Release Date: August 11th 2020
Find it on: Goodreads. BookDepository. Waterstones.
Source: The publisher kindly sent me a copy of this book to review
Rating: 3.75/5 stars
If the night sky holds many secrets, it holds Sheetal Mistry’s secret the closest. A secret that explains why her hair is the silver of starlight, or why some nights the stars call Sheetal by name.
Stars like her mother, who returned to her place in the constellation Pushya years ago. Since that day, Sheetal has been forced to hide.
But as her seventeenth birthday draws near, the pull from the sky is growing stronger. So strong that Sheetal loses control, and a flare of starfire burns her human father—an injury only a full star’s blood can heal.
Sheetal has no choice but to answer the starsong and ascend to the sky. But her celestial family has summoned her for a reason: to act as their human champion in a competition to decide the next ruling house of heavens.
Desperate to save her father, Sheetal agrees. But nothing could have prepared Sheetal to face the stars’ dark history—or the forces that are working to shut the gate between the realms for good.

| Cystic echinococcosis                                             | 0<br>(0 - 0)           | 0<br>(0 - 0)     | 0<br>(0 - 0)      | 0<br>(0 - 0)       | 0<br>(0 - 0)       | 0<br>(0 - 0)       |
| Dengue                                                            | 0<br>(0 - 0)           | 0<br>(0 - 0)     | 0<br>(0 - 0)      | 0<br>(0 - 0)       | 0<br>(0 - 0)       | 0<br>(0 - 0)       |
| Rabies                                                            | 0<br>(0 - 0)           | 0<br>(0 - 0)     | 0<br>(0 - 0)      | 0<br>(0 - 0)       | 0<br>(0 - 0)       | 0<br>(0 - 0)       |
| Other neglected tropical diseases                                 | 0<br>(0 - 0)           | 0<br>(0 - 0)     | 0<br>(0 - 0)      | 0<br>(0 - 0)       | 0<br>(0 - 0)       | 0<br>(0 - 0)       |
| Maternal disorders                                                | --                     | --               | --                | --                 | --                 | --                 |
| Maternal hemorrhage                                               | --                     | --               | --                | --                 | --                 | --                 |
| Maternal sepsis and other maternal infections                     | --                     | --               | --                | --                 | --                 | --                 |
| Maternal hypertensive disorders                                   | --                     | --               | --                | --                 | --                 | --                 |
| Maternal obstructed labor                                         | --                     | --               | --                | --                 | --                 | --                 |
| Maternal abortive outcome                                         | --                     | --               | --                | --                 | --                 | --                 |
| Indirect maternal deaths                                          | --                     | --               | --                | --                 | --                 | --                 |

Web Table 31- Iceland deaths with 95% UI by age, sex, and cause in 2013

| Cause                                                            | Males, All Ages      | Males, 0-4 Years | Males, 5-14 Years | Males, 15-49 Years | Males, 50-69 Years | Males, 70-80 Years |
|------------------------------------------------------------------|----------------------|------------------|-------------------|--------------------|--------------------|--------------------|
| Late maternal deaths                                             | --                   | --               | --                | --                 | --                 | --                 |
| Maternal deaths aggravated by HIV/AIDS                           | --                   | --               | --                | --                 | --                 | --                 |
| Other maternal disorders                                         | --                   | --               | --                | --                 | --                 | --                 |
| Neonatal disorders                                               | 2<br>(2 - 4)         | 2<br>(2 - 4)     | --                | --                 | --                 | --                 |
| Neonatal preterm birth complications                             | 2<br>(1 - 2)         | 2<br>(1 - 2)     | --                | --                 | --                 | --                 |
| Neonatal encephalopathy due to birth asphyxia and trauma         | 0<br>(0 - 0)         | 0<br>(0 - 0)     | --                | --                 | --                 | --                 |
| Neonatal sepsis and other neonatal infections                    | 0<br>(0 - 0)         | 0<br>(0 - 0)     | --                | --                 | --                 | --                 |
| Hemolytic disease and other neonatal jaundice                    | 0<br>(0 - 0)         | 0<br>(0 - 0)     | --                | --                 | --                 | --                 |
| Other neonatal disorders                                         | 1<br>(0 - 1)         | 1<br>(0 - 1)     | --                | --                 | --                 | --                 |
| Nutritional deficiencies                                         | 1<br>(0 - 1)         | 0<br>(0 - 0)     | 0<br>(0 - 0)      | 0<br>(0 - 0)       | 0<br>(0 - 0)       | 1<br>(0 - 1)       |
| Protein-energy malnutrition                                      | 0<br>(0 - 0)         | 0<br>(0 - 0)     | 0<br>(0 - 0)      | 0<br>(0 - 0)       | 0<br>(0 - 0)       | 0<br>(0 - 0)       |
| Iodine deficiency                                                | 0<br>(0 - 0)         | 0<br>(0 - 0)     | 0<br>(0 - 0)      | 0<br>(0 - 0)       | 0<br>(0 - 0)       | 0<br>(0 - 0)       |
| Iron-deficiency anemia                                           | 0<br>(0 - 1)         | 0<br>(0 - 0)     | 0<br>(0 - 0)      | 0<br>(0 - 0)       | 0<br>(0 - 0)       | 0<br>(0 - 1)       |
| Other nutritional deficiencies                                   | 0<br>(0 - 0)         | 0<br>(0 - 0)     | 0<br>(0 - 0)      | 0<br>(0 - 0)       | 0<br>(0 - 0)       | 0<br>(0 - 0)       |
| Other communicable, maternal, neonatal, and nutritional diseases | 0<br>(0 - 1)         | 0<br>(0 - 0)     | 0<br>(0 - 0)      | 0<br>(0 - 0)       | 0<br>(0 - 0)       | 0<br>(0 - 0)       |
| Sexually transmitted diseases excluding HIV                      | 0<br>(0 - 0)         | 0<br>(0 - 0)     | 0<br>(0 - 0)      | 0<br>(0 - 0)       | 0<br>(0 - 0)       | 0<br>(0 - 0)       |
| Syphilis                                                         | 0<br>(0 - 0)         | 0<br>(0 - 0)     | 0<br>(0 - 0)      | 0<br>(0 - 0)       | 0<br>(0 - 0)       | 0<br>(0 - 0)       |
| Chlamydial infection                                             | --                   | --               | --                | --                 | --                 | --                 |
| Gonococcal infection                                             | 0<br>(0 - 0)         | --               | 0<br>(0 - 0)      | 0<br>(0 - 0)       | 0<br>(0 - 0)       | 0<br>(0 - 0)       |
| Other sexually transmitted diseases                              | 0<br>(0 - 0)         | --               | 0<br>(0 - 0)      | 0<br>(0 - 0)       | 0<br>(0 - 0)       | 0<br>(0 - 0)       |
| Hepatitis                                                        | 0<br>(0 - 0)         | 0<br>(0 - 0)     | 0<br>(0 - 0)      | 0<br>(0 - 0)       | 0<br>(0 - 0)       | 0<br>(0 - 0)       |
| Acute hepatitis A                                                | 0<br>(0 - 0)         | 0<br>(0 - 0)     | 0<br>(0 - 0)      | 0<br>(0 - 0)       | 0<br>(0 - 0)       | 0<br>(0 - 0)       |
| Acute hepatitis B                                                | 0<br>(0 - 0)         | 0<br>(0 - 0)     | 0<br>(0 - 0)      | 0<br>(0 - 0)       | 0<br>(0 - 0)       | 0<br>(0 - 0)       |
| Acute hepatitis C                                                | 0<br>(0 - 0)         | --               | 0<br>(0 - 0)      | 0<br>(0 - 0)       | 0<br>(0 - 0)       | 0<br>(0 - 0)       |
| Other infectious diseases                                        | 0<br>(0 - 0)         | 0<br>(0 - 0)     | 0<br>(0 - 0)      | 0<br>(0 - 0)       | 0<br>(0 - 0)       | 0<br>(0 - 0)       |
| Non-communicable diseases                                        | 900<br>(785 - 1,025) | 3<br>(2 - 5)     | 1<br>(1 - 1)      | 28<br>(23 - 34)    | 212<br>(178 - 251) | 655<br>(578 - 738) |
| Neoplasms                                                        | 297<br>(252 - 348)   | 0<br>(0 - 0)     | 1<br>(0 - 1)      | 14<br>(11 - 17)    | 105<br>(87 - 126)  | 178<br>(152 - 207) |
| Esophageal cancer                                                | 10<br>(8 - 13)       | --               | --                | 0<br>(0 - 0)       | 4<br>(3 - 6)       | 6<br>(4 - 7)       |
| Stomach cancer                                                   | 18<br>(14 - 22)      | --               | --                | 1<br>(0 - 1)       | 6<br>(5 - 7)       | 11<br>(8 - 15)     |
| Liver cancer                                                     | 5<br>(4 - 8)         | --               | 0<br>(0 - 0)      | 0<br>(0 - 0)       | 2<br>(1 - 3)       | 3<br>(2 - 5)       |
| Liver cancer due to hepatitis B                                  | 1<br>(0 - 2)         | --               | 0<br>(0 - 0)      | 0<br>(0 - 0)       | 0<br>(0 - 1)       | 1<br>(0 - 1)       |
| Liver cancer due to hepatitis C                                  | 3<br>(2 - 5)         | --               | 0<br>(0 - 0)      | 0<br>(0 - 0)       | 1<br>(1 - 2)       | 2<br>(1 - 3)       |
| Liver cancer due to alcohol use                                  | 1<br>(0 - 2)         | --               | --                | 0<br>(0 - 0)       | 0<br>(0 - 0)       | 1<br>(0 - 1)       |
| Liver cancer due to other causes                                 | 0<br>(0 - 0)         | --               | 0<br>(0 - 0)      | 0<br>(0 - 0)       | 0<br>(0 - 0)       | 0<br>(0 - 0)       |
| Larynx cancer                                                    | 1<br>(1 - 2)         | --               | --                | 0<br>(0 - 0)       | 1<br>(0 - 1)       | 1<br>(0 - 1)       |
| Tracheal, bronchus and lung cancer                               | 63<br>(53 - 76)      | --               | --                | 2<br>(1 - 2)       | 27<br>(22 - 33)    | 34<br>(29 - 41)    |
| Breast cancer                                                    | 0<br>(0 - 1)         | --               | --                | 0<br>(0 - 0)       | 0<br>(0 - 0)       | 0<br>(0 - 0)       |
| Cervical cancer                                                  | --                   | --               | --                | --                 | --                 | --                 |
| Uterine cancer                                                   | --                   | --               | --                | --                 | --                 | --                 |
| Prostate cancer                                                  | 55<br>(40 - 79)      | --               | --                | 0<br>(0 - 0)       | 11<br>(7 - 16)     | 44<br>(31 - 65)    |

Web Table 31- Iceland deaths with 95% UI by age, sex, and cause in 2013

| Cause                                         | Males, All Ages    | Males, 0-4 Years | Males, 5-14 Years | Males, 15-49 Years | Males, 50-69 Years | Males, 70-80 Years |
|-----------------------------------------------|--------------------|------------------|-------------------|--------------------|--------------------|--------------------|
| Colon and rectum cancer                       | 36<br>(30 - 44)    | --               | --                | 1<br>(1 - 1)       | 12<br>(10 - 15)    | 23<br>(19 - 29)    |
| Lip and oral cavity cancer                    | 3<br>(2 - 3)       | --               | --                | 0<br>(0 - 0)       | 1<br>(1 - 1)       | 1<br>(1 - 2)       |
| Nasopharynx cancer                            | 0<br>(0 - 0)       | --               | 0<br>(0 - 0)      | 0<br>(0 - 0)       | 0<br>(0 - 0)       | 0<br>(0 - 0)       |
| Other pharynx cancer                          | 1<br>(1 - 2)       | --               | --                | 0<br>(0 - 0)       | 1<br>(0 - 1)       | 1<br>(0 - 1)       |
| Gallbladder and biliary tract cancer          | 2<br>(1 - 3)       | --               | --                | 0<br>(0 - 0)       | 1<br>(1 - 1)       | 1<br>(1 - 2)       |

Star Daughter is a beautifully written story inspired by Hindu mythology that follows Sheetal a young girl who is part star. When she is summoned to the celestial court Sheetal is forced to participate in a competition that decides who will be the next ruler of the heavens. With no choice but to agree, Sheetal participates in the competition, but as she learns more about the history of the celestial court she soon sees that all is not what it seems.
This was such a gorgeous, lyrical tale and honestly I didn’t want it to end. I really loved the writing style in this one and I actually had hoped there would be a sequel because the world Thakrar has created was absolutely fascinating. I loved learning about the celestial court and the families that ruled the heavens. Seeing Sheetal come into her star powers was all a really interesting part of the story.
A competition is one of my favourite YA tropes and it is executed incredibly well in this story. I loved seeing the different performances and competitors. I really liked the characters and in particular the strong focus on family and friendship. There is a romance element to the story, but I found myself less interested in this and more about Sheetal overcoming her feelings of guilt, making it through the competition and saving her father.
The story is really quick paced and it’s a really enjoyable read. It also has one of the most stunning covers I’ve ever seen. If you’re a fan of YA fantasy that’s full to the brim with mythology and really lovely writing, this one will be a must read.